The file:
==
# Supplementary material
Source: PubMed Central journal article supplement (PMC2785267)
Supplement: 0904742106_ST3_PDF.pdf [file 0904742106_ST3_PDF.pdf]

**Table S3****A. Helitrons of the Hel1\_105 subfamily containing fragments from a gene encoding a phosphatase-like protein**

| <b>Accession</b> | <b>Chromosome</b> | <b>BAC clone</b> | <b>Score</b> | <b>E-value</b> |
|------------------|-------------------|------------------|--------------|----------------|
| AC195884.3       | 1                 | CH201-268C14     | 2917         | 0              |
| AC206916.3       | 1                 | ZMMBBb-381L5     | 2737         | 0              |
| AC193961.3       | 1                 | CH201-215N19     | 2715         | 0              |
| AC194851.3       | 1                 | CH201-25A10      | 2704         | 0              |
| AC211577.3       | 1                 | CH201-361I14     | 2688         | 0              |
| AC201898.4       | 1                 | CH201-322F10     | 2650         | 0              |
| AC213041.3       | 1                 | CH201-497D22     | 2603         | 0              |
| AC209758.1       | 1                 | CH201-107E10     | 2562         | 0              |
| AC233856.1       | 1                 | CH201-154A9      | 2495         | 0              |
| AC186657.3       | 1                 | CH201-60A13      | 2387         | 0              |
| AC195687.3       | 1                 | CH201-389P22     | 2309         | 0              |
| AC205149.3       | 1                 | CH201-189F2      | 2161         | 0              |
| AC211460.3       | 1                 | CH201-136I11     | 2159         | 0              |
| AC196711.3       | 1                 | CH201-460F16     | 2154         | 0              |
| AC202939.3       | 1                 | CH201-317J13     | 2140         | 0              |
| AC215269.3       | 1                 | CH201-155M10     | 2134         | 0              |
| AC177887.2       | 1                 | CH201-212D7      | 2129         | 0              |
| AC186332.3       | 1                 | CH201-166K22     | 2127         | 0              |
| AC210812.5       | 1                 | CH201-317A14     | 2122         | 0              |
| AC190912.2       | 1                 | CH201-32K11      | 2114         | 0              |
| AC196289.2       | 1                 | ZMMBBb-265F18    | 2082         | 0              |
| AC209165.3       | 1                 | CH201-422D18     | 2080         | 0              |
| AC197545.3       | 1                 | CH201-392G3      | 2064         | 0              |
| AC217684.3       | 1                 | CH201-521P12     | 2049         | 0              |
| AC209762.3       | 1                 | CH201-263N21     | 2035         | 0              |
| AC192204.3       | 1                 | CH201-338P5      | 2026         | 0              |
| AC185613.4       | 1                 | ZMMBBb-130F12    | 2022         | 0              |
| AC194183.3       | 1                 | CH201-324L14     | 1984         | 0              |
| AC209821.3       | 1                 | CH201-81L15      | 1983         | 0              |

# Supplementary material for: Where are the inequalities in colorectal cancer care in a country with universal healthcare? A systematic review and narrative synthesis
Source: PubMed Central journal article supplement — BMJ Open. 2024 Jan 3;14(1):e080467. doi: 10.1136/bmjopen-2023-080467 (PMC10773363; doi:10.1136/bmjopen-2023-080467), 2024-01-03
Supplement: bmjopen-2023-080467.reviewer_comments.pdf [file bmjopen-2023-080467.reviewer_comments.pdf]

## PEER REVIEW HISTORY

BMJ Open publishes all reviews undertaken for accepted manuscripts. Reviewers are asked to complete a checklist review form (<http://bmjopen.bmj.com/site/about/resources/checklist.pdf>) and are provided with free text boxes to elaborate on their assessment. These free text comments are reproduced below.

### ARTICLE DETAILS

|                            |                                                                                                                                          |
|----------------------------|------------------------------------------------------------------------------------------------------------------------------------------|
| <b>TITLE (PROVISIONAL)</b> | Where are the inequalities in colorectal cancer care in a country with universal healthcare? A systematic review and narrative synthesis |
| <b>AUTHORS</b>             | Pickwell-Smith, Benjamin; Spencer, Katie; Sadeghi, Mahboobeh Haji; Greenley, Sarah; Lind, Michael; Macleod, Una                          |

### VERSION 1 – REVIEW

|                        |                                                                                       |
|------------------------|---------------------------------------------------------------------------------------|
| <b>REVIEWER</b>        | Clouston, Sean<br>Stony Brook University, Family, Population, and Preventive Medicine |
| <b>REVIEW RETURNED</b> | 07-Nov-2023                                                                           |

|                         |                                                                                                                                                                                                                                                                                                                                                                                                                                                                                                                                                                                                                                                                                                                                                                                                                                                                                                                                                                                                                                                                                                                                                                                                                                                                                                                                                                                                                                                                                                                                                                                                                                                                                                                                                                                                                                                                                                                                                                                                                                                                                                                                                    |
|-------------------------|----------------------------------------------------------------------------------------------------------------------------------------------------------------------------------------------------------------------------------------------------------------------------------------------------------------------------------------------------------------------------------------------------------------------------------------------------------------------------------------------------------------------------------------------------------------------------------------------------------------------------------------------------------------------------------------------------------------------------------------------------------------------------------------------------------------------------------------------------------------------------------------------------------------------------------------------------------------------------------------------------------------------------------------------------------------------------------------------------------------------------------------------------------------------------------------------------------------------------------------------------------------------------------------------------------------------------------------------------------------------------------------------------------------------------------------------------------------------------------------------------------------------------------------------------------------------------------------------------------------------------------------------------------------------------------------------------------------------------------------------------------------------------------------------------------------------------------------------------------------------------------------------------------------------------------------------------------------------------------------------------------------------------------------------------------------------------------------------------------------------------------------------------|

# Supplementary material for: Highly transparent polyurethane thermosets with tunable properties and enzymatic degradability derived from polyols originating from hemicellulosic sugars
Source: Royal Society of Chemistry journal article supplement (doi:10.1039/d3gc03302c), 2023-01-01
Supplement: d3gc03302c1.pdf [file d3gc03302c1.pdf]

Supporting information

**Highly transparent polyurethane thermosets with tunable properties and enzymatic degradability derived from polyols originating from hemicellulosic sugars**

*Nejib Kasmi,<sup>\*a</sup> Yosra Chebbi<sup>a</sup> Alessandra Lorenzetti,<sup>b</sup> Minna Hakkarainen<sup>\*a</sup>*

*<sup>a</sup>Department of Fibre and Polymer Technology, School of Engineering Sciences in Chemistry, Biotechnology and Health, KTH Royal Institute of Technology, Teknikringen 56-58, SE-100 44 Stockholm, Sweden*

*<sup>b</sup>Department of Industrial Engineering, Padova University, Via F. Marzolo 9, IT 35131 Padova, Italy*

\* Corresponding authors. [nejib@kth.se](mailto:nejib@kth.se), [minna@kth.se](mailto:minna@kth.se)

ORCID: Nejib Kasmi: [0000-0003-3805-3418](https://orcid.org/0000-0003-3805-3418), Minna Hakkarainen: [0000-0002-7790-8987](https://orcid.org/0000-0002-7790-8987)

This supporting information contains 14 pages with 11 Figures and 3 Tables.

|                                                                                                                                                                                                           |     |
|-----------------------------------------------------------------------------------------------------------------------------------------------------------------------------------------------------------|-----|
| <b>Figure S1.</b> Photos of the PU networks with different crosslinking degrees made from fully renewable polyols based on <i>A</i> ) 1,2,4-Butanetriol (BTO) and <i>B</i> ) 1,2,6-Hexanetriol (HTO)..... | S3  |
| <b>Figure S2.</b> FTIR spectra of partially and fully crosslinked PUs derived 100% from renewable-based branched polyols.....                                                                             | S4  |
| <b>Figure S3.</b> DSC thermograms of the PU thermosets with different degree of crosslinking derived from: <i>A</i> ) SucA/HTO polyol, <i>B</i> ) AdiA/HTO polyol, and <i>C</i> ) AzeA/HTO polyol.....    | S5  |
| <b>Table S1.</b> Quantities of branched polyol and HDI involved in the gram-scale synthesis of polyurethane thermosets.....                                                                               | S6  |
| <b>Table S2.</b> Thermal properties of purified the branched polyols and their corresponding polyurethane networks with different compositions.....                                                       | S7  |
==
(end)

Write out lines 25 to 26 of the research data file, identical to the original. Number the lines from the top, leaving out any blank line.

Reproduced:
| AC210812.5       | 1                 | CH201-317A14     | 2122         | 0              |
| AC190912.2       | 1                 | CH201-32K11      | 2114         | 0              |